Critics are worried about significant renovations to a building in a historic district, but city officials say they’re working to strengthen regulations.
When Janet Minker saw the state of the building at 442 Burns Court, she was taken aback.
In March, Palm Avenue resident Holly Hinman noticed significant work being done to the 1926 structure. Initially, she assumed the renovations would preserve the building’s appearance.
By the time the roof was gone and large fragments of the exterior had been removed, leaving sections of exposed brick inside the bungalow visible from the street, Hinman became concerned about the ultimate fate of the building.
Hinman reached out to city staff with questions about the project. She also contacted Minker, who formerly served as chairwoman of the Sarasota Architectural Foundation. Minker was troubled by what she saw; it appeared to be tantamount to demolition of a building representative of 1920s Sarasota.
The fact that this was occurring in Burns Court, a nationally designated historic district, made it all the more concerning.
“It’s charming,” Minker said. “It has history; it has flavor, and to see something so drastically done is quite unsettling.”
Minker posted the photo on Facebook, which drew outcry from commenters. How could the city let something like this happen? Did officials not care about preserving Sarasota’s past?
According to city Senior Planner Cliff Smith, the explanation can be found in the city’s regulations and the different types of designations for historic structures. Smith also bemoaned the fate of the Burns Court building, but he said he never had an opportunity to review the planned renovations, because the city’s development procedures didn’t require it.
Smith, the city’s point person on historic preservation, is responsible for reviewing renovations for all structures that are locally designated as historic. That’s a voluntary designation, one the owner must actively seek out and which comes with enhanced review standards if a building qualifies.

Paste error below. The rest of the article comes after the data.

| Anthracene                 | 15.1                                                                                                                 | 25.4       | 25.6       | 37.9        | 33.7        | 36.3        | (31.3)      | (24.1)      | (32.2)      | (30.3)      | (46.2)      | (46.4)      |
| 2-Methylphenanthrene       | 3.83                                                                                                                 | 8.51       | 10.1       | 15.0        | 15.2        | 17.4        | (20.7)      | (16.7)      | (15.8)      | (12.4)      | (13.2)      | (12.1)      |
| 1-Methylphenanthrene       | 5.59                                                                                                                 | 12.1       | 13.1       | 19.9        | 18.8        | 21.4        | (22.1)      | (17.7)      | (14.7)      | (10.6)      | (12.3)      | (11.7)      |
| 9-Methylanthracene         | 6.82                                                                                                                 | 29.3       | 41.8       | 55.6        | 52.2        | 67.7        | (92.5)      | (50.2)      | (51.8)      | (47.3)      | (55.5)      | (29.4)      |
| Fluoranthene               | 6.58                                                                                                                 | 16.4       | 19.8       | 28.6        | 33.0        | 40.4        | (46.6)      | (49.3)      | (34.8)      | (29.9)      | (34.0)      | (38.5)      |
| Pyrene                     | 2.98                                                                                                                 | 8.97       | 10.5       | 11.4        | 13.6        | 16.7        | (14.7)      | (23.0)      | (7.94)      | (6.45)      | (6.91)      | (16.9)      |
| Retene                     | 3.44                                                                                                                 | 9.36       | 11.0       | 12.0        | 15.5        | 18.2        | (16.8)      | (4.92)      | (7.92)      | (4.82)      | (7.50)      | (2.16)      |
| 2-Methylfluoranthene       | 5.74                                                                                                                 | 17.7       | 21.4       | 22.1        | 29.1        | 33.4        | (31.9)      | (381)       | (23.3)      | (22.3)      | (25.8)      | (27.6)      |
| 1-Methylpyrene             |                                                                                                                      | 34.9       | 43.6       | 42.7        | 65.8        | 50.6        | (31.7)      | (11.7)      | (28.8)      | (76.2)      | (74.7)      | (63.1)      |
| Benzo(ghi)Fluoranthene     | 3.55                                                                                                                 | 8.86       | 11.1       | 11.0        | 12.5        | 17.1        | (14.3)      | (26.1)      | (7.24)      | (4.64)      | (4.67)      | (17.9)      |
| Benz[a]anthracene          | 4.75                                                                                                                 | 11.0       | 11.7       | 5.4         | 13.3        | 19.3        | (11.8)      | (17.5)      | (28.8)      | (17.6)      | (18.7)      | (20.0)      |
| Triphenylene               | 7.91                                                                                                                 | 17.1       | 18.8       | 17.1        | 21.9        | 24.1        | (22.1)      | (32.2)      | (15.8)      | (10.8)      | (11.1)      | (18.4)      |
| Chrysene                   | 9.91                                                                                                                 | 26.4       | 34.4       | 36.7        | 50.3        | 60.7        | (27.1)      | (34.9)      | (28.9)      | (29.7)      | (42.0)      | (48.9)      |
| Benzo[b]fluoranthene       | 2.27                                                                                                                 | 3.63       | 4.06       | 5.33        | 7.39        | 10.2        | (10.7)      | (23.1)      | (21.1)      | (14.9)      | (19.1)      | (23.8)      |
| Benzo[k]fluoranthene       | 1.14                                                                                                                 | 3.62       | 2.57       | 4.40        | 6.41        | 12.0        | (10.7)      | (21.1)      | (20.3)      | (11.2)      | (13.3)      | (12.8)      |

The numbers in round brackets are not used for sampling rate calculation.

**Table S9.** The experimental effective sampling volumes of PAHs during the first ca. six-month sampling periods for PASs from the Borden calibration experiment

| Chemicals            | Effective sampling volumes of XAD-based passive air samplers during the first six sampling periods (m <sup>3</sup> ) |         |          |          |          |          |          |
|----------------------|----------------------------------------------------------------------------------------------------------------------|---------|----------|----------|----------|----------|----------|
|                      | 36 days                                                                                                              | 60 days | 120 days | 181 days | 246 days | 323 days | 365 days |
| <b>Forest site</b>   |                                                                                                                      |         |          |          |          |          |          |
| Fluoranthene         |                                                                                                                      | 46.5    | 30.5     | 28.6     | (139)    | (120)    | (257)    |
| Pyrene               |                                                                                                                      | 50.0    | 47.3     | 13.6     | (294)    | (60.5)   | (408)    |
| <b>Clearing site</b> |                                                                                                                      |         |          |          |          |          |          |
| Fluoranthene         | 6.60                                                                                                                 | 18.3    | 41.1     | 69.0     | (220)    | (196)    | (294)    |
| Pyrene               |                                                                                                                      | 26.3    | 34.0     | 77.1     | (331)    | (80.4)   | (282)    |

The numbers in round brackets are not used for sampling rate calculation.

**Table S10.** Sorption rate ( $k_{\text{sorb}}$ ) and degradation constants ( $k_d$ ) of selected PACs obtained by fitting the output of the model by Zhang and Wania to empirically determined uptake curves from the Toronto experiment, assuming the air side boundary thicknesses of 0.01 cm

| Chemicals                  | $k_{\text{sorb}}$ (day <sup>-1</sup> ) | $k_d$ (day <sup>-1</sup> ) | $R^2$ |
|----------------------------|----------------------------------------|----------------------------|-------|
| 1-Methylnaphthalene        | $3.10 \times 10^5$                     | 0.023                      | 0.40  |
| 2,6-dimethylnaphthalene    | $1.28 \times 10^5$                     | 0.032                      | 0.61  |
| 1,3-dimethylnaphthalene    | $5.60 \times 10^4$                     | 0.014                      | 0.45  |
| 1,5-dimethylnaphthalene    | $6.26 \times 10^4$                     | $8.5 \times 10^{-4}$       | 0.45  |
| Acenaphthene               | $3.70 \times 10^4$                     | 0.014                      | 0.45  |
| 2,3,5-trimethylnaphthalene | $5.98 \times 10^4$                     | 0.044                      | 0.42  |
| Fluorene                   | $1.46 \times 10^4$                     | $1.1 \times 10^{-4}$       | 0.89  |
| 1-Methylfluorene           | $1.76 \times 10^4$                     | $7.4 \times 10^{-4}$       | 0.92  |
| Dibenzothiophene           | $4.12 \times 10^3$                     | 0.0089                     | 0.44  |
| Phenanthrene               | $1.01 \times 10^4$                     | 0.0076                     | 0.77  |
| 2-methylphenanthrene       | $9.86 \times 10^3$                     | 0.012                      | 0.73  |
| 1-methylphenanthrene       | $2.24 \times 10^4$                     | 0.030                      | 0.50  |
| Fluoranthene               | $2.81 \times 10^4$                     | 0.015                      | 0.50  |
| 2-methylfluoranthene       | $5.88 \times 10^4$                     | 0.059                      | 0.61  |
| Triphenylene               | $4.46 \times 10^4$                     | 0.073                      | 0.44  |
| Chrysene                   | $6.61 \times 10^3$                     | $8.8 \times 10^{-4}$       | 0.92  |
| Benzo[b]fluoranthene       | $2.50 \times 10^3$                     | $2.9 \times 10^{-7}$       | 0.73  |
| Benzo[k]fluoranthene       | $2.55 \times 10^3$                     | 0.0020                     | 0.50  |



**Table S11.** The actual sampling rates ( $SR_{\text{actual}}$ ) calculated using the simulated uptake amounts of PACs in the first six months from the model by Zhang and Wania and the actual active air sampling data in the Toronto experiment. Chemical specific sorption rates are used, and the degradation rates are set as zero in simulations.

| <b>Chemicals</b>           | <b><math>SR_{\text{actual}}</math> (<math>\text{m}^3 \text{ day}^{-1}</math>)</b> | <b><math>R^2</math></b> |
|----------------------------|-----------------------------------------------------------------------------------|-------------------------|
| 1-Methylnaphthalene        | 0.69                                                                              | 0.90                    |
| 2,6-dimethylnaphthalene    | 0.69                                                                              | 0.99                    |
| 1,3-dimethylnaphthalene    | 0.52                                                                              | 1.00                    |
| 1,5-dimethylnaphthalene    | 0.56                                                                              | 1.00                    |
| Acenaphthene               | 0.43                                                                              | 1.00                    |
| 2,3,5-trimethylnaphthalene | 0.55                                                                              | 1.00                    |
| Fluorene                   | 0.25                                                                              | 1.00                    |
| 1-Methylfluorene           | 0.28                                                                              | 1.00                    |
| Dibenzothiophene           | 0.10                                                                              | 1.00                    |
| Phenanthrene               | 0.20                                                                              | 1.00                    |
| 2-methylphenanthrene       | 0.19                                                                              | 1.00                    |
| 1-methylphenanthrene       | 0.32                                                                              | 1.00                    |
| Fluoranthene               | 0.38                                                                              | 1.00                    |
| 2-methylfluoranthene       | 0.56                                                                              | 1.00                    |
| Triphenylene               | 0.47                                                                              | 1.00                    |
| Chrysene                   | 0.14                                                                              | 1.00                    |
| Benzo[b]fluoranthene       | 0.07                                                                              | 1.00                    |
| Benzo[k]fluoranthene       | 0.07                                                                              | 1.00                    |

The Burns Court building is not locally designated as a historic structure. Instead, it is classified as a contributing structure to a national historic district — a distinction that can be bestowed on a property even without an owner’s approval. The city’s zoning code does not include a more rigorous review process for that type of structure. In fact, Smith said, plans for those properties don’t even go in front of him before the city approves them.
Smith said there’s a reason for that distinction: The National Register of Historic Places states a building’s placement on the register should not create any additional obligation for a property owner.
“Owners can do anything they wish with their property provided that no federal license, permit or funding is involved,” the national register’s website said.
Despite any criticism of the city’s preservation policies, Smith said officials are taking steps to encourage the maintenance of historic buildings. Smith is currently pursuing a series of zoning text amendments focused on historic preservation, including one that would give his office the opportunity to administratively review changes to buildings in historic districts, such as the Burns Court structure.
“If this passes, then for the first time, we would actually have review power to at least look at these things,” Smith said.